The Ghana Health Service (GHS) says multiple doses of the oral polio vaccine (OPV) administered against the polio virus type 2 does not pose any harm to children.
According to the Service, the vaccine rather increases protection of children against the infection, hence the need for parents and caregivers to present their children for immunization as the GHS today begins round two of mass polio vaccination for children under five years.
The exercise, expected to end on Sunday, October 11, 2020, will concurrently take place in eight regions of the country, namely the Ashanti, Eastern, Volta, Central, Western, Western North, Upper West and Greater Accra.
As part of the exercise, children from six months to five years would also receive Vitamin A capsules to boost their immunity and for healthy growth.
Deputy Director, Public Health, of the Greater Accra Regional Health Directorate, Dr Luiz Amoussou, at a press briefing in Accra yesterday, gave the assurance that, “the polio vaccine is effective, safe and free. It has no side effects and taking multiple doses actually increases immunity of children against the virus.”
“Doses given during the campaign do not replace those given in routine immunization and vice versa. Therefore, parents must ensure that even if their children have taken the OPV during routine hospital visits, they must allow the nurses to vaccinate their children when they come to their homes because it poses no harm to the child,” he said.
With specific reference to the Greater Accra Region, Dr Amoussou said the immunization exercise would take place in all its 29 districts, targeting about one million children.
He said 910,000 children were expected to be administered with Vitamin A tablets as the regional directorate deployed over 2,000 health workers to conduct the exercise.
The Deputy Director said more than half of the districts in the region achieved the expected coverage of immunization against the polio virus as over one million children were covered in the previous round.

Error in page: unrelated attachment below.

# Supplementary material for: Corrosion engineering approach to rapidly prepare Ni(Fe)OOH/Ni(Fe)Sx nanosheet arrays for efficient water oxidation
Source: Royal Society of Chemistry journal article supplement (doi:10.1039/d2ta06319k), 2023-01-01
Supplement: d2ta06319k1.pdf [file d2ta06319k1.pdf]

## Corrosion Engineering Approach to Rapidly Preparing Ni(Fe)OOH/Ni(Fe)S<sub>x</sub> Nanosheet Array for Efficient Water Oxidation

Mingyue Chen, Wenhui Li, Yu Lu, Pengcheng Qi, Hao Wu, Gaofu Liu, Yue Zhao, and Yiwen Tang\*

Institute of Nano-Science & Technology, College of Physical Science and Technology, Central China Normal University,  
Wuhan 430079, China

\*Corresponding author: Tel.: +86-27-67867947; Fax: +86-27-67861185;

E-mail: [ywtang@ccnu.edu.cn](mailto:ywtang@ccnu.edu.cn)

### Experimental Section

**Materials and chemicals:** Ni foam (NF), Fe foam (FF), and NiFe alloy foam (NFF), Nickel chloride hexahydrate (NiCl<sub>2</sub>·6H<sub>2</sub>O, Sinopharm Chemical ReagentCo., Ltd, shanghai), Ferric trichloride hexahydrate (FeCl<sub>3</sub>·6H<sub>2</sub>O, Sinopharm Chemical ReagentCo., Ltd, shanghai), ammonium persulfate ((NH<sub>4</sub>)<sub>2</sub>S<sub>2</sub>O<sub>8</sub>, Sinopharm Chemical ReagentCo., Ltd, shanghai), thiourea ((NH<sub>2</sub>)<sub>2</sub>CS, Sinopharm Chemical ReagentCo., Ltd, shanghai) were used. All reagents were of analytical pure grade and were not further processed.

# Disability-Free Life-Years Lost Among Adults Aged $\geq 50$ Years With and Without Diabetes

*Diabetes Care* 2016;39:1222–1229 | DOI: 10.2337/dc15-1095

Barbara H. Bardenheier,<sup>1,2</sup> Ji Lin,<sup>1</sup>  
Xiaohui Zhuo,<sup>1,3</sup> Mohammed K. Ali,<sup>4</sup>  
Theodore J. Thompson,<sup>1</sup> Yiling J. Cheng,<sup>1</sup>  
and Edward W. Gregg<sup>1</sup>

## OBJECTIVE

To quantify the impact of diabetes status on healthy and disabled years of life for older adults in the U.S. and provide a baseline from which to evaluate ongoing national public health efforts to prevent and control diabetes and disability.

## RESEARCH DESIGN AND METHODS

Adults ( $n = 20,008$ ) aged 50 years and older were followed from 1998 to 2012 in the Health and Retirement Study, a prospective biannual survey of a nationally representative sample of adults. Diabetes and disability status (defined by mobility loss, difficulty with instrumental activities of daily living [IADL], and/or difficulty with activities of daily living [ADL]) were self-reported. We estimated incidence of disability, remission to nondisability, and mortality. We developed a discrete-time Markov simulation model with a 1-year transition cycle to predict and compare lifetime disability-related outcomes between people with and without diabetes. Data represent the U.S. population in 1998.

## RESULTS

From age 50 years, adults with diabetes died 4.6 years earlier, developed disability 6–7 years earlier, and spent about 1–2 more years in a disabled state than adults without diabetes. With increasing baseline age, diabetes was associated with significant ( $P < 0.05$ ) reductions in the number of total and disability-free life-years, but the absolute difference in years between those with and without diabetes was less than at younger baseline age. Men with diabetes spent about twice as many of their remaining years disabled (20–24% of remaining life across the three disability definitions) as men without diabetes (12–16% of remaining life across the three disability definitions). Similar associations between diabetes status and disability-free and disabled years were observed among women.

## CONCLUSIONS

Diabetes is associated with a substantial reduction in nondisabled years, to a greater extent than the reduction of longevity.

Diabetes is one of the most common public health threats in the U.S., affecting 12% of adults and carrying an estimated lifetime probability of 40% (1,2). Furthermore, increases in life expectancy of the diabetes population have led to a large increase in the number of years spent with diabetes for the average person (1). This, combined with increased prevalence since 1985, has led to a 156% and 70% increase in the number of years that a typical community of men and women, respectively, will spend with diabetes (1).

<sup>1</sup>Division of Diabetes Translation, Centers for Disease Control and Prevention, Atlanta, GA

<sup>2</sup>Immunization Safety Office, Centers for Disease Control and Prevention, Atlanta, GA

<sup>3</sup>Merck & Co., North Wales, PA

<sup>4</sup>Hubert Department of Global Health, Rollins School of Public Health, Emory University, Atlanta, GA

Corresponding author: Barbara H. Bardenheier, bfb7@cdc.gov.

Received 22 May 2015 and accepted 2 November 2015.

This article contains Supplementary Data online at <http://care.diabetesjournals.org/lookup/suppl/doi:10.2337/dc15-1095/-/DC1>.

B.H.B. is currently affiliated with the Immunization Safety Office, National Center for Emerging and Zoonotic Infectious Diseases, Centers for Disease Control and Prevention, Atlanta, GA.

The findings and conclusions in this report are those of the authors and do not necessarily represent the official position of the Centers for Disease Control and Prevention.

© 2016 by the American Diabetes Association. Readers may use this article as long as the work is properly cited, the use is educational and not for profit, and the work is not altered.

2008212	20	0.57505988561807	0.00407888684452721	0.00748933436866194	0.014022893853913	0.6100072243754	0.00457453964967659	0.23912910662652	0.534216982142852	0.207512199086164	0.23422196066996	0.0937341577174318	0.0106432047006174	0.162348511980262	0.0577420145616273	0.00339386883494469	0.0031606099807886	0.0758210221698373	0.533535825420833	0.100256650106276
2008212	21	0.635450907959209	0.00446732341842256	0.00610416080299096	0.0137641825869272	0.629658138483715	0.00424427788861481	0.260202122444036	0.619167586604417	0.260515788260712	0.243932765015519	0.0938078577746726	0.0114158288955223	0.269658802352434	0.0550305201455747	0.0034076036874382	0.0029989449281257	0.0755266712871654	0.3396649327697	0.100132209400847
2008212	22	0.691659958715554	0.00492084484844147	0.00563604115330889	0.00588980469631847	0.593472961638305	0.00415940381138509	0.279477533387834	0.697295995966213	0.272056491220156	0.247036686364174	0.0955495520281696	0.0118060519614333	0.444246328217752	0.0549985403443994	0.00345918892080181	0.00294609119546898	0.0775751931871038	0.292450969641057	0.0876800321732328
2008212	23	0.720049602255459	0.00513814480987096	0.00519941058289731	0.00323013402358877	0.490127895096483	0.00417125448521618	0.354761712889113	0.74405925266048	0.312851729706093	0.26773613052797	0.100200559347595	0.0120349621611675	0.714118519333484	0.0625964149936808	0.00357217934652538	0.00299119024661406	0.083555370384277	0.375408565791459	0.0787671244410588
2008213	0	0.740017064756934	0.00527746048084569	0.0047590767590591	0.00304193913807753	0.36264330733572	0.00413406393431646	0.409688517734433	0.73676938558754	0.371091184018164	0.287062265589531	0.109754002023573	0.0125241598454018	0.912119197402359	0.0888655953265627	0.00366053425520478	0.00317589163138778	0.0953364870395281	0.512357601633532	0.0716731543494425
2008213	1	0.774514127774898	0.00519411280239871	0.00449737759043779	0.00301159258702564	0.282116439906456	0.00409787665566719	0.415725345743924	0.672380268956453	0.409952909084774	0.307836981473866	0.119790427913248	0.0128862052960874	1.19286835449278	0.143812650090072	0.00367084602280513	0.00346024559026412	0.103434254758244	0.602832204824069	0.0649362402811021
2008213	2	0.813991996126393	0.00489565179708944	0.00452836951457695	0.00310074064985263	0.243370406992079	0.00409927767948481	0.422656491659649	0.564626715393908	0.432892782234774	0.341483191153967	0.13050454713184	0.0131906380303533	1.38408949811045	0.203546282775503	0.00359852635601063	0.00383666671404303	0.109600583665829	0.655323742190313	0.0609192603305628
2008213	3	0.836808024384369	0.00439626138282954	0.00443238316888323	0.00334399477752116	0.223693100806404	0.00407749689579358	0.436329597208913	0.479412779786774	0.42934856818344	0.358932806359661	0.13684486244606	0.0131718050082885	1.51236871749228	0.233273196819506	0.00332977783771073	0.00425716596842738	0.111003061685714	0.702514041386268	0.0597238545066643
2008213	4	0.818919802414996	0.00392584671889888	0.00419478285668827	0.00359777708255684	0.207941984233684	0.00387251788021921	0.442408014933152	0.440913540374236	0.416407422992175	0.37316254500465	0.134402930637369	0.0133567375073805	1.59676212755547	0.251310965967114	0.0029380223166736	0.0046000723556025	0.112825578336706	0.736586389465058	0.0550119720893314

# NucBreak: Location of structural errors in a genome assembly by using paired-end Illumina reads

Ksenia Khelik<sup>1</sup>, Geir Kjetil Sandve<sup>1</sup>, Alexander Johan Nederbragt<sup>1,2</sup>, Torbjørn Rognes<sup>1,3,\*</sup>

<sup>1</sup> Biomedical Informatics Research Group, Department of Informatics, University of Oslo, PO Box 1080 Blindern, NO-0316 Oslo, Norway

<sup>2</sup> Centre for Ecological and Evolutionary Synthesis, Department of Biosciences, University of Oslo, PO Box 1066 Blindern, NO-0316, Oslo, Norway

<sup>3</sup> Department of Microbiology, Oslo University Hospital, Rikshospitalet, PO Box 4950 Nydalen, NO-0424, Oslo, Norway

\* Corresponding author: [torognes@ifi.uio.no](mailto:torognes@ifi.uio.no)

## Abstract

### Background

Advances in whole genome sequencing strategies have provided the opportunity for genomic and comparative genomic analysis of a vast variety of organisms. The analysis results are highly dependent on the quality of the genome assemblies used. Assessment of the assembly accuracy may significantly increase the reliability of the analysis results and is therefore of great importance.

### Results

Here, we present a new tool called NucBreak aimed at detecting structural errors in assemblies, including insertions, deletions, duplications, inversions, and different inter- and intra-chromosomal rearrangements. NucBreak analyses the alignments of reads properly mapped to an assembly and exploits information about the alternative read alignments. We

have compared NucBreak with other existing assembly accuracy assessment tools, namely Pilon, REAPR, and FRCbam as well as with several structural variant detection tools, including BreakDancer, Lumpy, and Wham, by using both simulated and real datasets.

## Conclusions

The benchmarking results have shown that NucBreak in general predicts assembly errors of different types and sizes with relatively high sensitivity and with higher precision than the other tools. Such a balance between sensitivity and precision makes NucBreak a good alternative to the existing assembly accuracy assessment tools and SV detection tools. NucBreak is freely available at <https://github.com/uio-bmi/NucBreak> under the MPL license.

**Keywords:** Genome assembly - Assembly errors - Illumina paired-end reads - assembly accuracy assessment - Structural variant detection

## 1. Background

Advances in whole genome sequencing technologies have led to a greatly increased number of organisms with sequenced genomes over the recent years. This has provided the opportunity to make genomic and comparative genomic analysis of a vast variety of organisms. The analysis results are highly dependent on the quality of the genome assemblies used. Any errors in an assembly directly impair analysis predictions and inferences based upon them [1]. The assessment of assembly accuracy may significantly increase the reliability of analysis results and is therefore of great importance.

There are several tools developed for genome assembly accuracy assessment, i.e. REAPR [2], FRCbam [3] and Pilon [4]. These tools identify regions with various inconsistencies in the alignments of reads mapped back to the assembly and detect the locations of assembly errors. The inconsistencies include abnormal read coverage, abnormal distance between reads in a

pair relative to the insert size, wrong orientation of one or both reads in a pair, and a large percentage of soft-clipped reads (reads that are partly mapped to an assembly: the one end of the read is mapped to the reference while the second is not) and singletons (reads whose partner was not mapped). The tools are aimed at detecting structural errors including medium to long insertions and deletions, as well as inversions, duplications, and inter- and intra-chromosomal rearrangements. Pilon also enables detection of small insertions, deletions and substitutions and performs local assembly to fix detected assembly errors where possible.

He, however, expressed concern that a lot more children could not be immunised in the region and so were at risk of the infection as parents refused to allow their children to partake in the exercise with “excuses that they were absent [from home] or asleep”.
Dr Amoussou held that if a population was fully immunised, it would be protected against all forms of polioviruses, adding, “It is critical that we vaccinate every child and strengthen routine immunisation and we cannot stop until every child can live a life free of polio.”
Regional Health Promotion Manager, Mrs Eunice Teah Dzagli, cautioned that the type of vaccine being used in response to the outbreak was not available at the private health facilities or child welfare clinics, hence once a child missed it, “it means that your child will not be covered and protected against polio.”
She said health workers and vaccinators had been instructed to take into cognisance all safety protocols against the coronavirus disease (COVID-19) as they embarked on the exercise.
“Aside equipping them with the needed personal, protective equipment (PPE), we have advised them not to carry children while administering the dose but rather let the parents hold them,” she stated.
Poliomyelitis (polio) is a highly-infectious viral disease that largely affects children under five years of age.
The virus is transmitted from person-to-person through the faecal-oral route. Someone can also contract the disease when he takes in contaminated water or food, which multiplies in the intestines from where it subsequently invades the nervous system, causing paralysis most often in the limbs.
Symptoms of polio may include fever, fatigue, headache, vomiting, stiffness of neck and pains in the limbs.
Treatment is mainly supportive and can be prevented through vaccination, improved sanitation and personal hygiene.
BY ABIGAIL ANNOH AND PHILOMINA OPPONG